17. Arcesia, “Butterfly Mind.” Another discovery courtesy of the bottomless fount of weirdness that is Songs in the Key of Z, Arcesia was actually the work of a veteran big band crooner from Rhode Island named Johnny Arcessi who moved to California and became an acid casualty in the late ’60s. In 1970, at the age of 52, he released his one and only album as Arcesia, Reachin’, and it’s an amazing relic of that strange time in American history, an acid folk freakout delivered by a guy who clearly had lost all interest in phrasing, pitch or lyrical comprehensibility. Needless to say, it’s now a highly prized collector’s item—the fact that it’s on Spotify is almost as mind-blowing as Arcessi’s adenoidal bray.

18. Syd Barrett, “No Good Trying.” No self-respecting mix of outsider music would be complete without an appearance from that most famous acid casualty of all, Uncle Syd. R.I.P., gentle sir.

Hope you enjoyed this week’s mix.

Mission Man

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Sometimes, being weird can be a lonely business. Take Gary Milholland, aka Mission Man, veteran creator of “hip-hop without ego.” For 15 years, Gary’s been toiling away in his home studio somewhere in the boonies of Ohio, cranking out album after album of his bizarre version of hip-hop, doing everything from producing and playing all the instruments to, as he proudly notes in his video bio, “booking, promotion, choreography, music video production and direction, web design, and anything else that goes into living the life of an independent musician.” Yep, when your music is as out there as Mission Man’s, you pretty much have to be a one-man operation.

The message behind Mission Man’s music—his mission, if you will—could best be summed up with the title of one of his songs: “Do What You Love.” Mission Man loves making music and he’s going to keep on making it, even if no one really “gets him.” And believe us, the subtext of the video to “Do What You Love” is clearly “nobody gets me”—it’s pretty much just an endless series of shots of Mission Man performing at various near-empty bars, probably mostly at open mics, which he travels to all over the Eastern U.S., chronicling his journeys in heartbreaking detail on his website. “I received almost no response whatsoever, though I could see one person making fun of me,” reads a typical entry. After the open mic, “I found a Wal-Mart parking lot to sleep in, instead of a rest area. It’s nice to mix things up a bit.”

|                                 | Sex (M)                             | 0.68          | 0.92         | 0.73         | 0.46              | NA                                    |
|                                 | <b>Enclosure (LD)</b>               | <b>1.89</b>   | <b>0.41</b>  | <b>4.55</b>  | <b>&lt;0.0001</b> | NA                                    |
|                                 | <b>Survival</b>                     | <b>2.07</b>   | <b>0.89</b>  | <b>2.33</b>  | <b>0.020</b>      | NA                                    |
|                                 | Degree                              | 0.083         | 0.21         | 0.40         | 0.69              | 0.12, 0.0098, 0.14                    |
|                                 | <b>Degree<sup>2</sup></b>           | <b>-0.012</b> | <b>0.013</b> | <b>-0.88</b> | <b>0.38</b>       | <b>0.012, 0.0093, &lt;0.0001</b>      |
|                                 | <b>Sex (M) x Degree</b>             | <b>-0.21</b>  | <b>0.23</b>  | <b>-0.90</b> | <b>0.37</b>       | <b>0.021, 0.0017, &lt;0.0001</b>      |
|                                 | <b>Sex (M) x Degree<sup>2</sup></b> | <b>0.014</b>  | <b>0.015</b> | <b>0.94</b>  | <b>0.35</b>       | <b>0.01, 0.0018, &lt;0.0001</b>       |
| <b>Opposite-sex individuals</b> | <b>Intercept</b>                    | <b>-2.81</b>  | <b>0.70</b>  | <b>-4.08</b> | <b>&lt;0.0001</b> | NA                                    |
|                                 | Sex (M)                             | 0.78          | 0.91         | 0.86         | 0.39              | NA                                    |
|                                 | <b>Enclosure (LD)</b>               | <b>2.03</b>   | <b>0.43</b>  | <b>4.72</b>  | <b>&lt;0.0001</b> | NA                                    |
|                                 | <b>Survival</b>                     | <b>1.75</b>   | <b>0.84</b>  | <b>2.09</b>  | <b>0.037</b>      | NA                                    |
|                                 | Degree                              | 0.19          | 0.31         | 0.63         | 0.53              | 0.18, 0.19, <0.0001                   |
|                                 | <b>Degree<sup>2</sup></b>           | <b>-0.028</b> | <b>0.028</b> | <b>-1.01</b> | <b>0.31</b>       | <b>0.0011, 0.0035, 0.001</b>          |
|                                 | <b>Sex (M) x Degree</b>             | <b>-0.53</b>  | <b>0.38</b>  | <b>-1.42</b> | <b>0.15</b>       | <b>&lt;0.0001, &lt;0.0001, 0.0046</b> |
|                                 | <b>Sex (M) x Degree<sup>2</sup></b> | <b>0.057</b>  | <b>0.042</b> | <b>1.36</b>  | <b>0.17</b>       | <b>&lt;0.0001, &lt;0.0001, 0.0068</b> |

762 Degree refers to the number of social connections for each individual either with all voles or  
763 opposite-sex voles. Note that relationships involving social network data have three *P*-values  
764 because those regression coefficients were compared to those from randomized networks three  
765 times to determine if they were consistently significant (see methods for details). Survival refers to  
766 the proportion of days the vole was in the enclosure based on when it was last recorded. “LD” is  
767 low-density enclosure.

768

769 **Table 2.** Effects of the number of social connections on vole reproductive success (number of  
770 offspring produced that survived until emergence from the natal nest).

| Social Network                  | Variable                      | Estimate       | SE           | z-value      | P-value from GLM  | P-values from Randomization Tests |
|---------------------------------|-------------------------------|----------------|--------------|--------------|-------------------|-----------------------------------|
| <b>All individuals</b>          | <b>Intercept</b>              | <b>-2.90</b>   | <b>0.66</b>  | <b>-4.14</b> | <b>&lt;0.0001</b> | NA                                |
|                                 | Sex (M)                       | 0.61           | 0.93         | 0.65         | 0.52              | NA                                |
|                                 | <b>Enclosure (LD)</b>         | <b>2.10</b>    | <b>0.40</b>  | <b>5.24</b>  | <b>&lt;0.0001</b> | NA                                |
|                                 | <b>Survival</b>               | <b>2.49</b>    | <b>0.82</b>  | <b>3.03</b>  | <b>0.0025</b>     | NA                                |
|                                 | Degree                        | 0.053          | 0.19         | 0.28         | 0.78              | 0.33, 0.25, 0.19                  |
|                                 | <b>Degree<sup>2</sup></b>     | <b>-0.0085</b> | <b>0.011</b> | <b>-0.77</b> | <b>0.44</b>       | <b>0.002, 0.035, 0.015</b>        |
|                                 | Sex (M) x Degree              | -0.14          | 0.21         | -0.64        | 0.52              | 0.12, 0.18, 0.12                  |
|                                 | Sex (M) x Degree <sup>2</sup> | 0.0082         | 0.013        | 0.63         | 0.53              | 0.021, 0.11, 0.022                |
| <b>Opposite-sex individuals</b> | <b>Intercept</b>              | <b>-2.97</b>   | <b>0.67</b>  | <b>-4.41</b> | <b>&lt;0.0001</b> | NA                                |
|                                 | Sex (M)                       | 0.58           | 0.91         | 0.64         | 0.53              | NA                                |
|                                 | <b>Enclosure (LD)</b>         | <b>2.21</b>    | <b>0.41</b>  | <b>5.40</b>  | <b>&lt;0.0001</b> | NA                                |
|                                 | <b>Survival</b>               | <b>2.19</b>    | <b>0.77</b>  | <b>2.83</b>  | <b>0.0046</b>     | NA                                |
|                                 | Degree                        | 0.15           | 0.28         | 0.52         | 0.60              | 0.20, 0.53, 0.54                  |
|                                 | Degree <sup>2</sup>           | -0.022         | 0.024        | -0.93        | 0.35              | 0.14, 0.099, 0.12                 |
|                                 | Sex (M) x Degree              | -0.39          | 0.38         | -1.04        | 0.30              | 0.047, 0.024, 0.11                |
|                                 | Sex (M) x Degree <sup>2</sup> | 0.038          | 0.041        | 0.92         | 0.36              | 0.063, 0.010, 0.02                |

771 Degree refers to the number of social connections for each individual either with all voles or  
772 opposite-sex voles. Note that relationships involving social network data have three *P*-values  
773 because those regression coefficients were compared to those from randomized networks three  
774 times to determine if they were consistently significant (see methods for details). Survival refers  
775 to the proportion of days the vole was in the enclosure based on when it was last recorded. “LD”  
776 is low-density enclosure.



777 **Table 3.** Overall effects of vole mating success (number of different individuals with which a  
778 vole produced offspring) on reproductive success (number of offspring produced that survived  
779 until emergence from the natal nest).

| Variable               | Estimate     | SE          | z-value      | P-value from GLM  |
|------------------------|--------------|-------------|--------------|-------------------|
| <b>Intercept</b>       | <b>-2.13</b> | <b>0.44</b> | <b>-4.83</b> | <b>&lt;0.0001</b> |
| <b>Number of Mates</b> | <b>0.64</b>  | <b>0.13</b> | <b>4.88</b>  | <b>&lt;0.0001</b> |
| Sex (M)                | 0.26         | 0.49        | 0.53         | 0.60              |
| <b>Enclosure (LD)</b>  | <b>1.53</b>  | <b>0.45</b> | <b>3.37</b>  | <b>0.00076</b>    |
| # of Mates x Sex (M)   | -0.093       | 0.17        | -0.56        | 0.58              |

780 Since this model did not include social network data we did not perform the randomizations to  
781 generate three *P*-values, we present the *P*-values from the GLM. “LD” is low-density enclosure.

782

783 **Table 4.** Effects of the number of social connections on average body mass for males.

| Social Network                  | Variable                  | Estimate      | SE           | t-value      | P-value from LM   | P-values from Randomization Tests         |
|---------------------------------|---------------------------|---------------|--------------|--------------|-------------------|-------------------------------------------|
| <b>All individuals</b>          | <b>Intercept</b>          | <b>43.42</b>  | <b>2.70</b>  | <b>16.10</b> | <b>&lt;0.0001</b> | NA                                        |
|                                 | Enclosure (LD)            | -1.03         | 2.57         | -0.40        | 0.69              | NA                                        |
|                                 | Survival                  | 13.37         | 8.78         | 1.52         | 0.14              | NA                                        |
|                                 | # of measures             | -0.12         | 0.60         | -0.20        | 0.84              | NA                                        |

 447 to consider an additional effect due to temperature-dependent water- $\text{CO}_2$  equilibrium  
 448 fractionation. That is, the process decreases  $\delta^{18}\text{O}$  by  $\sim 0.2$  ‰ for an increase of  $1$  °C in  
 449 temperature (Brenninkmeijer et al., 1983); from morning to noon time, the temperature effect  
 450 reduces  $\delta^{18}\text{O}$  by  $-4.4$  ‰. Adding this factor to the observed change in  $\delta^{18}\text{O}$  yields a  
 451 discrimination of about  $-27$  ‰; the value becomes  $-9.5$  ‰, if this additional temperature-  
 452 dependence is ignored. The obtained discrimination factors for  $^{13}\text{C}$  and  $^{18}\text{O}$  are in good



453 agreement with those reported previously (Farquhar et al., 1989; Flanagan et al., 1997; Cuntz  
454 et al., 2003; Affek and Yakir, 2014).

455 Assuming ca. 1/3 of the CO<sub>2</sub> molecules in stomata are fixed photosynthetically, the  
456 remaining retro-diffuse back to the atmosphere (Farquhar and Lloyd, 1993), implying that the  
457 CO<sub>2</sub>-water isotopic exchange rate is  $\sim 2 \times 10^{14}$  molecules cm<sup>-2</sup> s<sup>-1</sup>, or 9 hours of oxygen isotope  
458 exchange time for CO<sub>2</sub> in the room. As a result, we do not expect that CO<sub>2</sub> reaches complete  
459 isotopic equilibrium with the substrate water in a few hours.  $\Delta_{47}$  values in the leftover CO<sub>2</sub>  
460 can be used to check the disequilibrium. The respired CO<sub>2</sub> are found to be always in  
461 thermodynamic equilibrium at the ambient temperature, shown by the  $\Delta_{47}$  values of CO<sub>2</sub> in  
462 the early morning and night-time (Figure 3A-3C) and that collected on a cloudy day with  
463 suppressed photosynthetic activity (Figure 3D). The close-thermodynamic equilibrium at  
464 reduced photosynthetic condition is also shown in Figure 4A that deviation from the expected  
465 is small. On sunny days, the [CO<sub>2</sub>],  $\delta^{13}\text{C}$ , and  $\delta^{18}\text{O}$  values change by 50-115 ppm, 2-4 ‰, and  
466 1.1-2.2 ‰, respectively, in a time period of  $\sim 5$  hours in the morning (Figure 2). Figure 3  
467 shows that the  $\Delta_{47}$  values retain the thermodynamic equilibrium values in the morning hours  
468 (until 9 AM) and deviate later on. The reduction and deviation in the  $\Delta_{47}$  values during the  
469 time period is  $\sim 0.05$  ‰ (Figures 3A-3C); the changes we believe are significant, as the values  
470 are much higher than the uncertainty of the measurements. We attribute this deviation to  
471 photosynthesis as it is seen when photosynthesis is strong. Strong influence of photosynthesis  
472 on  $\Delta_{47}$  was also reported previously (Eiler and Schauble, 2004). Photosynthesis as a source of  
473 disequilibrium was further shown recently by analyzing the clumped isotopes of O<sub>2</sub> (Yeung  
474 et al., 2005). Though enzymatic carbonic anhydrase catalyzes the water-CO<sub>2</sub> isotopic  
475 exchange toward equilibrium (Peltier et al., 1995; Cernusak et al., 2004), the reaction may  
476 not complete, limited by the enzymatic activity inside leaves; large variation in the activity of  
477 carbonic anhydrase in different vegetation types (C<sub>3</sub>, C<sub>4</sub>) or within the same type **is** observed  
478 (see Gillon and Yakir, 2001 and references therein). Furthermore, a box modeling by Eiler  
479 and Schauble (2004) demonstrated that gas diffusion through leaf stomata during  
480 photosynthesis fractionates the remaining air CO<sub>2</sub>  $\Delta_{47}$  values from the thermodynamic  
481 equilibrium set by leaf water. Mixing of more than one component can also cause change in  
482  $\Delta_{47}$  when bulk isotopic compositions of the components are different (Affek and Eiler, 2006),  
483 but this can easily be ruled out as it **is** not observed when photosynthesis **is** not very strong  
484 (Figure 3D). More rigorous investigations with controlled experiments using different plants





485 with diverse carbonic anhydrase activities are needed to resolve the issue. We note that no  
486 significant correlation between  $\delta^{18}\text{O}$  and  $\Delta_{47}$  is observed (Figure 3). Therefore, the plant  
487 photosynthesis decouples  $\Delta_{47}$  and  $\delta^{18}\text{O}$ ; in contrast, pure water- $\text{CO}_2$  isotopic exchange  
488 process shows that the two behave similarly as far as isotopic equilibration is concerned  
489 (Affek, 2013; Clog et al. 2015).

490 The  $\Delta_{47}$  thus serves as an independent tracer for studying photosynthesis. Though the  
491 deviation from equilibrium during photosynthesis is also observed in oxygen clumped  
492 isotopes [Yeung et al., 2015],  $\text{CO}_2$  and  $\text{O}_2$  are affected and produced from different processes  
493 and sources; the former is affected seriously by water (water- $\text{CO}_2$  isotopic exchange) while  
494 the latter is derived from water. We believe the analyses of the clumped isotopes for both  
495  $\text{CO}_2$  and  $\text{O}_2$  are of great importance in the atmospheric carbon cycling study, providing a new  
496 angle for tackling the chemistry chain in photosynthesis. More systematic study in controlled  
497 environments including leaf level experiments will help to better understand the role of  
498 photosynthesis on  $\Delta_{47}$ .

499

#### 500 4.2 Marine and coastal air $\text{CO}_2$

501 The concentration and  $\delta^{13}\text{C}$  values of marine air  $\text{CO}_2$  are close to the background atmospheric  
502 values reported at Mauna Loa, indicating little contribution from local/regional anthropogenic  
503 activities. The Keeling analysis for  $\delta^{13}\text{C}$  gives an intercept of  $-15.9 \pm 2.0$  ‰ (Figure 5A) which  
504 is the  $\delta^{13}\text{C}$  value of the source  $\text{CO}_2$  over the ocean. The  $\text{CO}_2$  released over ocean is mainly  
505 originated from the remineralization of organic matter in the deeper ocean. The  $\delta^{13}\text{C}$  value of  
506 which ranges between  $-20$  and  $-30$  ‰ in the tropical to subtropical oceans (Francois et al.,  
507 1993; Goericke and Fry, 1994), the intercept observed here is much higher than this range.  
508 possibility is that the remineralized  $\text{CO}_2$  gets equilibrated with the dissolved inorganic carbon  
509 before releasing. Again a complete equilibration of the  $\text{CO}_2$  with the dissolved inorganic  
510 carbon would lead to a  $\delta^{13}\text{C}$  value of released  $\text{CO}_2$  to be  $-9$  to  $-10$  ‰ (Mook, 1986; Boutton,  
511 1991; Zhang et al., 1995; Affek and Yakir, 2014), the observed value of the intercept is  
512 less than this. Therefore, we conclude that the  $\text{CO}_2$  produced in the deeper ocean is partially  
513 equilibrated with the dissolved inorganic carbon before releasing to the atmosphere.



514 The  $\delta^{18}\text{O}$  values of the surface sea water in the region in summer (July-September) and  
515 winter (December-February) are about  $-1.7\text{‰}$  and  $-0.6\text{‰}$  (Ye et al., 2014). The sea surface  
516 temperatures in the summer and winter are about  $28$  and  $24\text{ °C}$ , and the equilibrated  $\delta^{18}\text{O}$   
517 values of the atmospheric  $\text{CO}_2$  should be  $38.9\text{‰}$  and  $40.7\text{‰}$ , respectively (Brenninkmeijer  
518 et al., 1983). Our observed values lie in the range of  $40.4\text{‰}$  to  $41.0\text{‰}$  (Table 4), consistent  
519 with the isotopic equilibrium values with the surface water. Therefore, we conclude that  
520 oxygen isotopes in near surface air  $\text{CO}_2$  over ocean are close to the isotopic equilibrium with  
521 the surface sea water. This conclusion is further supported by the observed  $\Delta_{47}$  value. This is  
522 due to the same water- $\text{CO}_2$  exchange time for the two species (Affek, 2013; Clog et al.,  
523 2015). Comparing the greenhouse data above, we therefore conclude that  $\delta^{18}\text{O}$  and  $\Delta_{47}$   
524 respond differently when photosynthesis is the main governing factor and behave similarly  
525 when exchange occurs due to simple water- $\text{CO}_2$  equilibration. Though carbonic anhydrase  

Back home, Milholland supports his Mission Man habit by delivering pizzas for Papa John’s. He even wrote a song about it, called “Chillin’ at the Papa,” which is actually among his catchier numbers. If the folks at Papa John’s had any sense, they’d license the song and make Mission Man their new spokesperson. I mean, look what Jared did for Subway—and that guy can’t even rap.

Some would argue that Mission Man can’t really rap either, and it’s fair to say that his flow is, well, unconventional. His verses do actually rhyme, for the most part, but rhythmically, they’re all over the place, and Milholland delivers them in a droning, Lou Reed-like monotone. He backs this up with instrumentation—guitar, bass, keyboards and electronic drums—that’s even more unconventional than his vocal delivery. “I have never learned music theory, nor have I ever learned how to play any other musician’s music,” Milholland defiantly declares on his blog. “I just make music from my heart.”

Earlier this year, Mission Man released his latest album, liberty island. (The album and song titles are all in lowercase to “reflect the lack of ego in Mission Man’s music,” according to his press release.) Milholland says the new songs represent his growth as an instrumentalist: “I’ve been really listening to Prince and other artists I have always loved, and most of all I am more free when I’m playing.” He’s also promised to make a video for each of liberty island‘s 11 tracks. If they’re all as wackadoodle as this computer-generated clip he created for the song “wonder,” we can’t wait to see the rest of them.